“European political debate at present centres around the rising popular resistance to Brussels, to its growing centralisation of power, and to particular policies it has pursued (such as relocating migrants), often with little or no consultation, across the continent. It seems likely, though not certain, that this resistance will mean major changes in the strength of different parties in Brussels and Strasbourg following next May’s EU elections.”

Lord (P. T.) Bauer, the distinguished Anglo-Hungarian economist whose work we discussed recently in these pages, used to make an important distinction in his study of the theory of development economics. When the recovery of Germany and other European economies after the war was attributed to economic aid under the Marshall Plan, he would point out that “reconstruction aid” was entirely different to “development aid” in its logic and consequences.

What Germany and others received was reconstruction aid. It was intended to provide capital to economies ruined by the physical destruction of war in order to rebuild infrastructure and to give their skilled and educated workforces the machinery to raise production to pre-war levels. That assistance was important, but it was secondary to the fact that the workforces (though depleted by millions of deaths and serious casualties) were already skilled, educated, and possessing attitudes and aptitudes conducive to economic success. They already had or were human capital. Once they were given financial and physical capital as well, they worked their way back to prosperity in a surprisingly short time. Economic commentators were discussing the German economic “miracle” by about 1954, and the Mark began its seemingly unstoppable rise on the currency markets soon after.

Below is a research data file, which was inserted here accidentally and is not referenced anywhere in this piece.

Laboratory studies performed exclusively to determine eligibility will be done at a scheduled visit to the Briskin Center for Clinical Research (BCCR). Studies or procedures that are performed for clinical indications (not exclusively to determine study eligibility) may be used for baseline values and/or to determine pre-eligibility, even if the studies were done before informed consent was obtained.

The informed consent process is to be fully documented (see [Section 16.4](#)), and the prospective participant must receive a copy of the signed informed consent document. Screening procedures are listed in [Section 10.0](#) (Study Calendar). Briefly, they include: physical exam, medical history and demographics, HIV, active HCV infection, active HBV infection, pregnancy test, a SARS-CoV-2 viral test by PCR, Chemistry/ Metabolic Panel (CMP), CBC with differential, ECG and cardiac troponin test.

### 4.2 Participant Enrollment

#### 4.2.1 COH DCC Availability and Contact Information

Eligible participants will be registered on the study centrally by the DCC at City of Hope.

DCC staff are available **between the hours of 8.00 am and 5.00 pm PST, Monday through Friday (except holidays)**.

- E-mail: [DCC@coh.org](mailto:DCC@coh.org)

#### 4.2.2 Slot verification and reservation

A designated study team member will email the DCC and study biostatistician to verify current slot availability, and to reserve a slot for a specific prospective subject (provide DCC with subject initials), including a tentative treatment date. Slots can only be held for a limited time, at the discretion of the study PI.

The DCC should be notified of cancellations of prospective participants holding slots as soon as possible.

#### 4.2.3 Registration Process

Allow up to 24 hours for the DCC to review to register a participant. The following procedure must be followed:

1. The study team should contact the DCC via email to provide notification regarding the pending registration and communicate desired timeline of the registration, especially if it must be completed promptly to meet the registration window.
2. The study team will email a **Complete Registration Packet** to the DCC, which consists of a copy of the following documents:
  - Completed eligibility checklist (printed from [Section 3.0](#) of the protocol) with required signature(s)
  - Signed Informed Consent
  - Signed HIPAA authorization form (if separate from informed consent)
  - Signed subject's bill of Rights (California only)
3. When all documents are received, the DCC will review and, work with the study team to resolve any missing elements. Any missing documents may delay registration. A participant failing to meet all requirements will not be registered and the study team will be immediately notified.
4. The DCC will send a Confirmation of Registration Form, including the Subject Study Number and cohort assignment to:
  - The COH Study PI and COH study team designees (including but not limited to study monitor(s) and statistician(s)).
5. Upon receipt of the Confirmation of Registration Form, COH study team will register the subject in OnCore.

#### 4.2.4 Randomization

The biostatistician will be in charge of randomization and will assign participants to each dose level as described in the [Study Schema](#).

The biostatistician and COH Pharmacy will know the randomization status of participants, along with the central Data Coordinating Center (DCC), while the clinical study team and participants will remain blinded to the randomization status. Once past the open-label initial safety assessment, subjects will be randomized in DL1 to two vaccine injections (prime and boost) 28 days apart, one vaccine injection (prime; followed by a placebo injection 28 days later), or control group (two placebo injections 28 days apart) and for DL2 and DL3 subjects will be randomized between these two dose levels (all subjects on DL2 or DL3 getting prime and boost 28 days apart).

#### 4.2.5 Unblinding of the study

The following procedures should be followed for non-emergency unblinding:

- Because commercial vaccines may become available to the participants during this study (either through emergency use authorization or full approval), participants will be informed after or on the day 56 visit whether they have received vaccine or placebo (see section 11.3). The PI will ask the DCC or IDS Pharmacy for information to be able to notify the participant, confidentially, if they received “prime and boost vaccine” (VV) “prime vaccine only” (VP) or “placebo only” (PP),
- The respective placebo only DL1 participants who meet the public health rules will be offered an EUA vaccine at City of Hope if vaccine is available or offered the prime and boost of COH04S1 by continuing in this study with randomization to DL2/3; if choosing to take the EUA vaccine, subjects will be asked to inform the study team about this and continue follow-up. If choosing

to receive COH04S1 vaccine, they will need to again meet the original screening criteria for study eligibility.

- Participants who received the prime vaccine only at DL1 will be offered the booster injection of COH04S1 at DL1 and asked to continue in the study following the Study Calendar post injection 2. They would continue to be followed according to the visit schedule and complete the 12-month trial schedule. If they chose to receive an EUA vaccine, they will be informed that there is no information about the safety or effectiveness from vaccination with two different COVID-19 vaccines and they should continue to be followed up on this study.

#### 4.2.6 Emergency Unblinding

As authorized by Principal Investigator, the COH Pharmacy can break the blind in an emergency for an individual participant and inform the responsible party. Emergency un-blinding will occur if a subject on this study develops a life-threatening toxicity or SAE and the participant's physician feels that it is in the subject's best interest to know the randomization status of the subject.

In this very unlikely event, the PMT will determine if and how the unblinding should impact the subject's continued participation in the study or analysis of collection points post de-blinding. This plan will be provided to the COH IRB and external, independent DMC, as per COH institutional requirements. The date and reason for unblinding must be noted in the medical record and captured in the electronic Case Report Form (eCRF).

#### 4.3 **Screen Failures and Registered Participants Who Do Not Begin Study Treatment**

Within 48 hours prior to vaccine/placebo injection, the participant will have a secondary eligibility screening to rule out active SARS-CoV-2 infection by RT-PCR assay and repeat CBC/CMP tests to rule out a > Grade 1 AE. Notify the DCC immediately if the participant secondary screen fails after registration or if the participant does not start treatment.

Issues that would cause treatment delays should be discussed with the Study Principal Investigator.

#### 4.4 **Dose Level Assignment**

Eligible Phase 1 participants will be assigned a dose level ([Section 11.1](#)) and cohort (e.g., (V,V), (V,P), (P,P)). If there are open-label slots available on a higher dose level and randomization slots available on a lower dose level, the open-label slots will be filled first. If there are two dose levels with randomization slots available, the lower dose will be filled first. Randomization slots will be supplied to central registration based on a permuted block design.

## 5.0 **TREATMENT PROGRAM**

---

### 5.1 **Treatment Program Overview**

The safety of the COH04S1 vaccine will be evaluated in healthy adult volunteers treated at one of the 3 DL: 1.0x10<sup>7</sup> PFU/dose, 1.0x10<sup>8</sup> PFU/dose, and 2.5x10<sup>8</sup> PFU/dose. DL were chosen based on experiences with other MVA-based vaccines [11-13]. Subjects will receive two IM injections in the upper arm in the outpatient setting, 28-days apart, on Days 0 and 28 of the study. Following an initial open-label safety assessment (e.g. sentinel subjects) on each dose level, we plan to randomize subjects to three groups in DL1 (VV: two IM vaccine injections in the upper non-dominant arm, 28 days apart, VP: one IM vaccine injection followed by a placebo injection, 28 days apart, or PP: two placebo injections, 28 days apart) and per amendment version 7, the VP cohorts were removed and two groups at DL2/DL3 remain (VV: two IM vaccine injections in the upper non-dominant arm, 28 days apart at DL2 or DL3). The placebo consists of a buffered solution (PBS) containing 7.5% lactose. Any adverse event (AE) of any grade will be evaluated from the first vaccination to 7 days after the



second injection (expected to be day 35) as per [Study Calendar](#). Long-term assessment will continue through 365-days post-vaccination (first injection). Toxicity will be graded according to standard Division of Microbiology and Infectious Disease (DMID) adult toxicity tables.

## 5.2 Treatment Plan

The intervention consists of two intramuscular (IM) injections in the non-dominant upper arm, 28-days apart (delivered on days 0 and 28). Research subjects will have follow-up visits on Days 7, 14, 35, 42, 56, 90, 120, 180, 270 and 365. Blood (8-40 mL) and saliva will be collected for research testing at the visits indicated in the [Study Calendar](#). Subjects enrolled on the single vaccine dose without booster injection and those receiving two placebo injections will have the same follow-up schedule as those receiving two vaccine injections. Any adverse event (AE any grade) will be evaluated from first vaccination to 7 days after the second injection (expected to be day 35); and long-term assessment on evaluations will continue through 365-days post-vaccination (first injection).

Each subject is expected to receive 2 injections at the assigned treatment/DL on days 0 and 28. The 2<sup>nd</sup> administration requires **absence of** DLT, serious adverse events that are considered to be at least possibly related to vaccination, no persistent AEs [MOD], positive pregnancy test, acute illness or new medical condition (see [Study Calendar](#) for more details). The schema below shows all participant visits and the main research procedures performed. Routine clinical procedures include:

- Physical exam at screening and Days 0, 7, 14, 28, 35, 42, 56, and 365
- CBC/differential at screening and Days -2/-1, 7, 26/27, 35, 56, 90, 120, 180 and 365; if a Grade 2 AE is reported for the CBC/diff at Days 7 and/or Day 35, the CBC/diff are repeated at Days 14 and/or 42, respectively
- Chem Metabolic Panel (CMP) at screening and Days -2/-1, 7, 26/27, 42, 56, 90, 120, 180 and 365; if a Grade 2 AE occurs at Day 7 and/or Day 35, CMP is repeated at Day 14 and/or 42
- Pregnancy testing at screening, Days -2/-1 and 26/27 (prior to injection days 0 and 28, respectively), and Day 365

Development aid could not produce the same kind of miracle, however, because it was an attempt to solve the far more difficult task of making the populations of aid-recipient countries educated, skilled, and culturally attuned to getting and spending. It is hard enough to give education and skills to entire populations successfully, but harder to transform cultural attitudes that obstruct economic development, and well-nigh impossible to do so by transferring capital to their governments. Bauer plausibly argued that government-to-government capital transfers might even be an obstacle to Third World development because they strengthened corrupt governments and encouraged attitudes hostile to prosperity such as the concentration of energy on politics rather than economic life. Be that as it may, Bauer’s conclusion that aid from abroad cannot significantly increase a country’s prosperity because it has little impact on the personal qualities and cultural influences that really determine it is now firmly established in the economic literature. As he himself mordantly forecast, however, it has had little or no influence on aid policies of either governments or international organisations.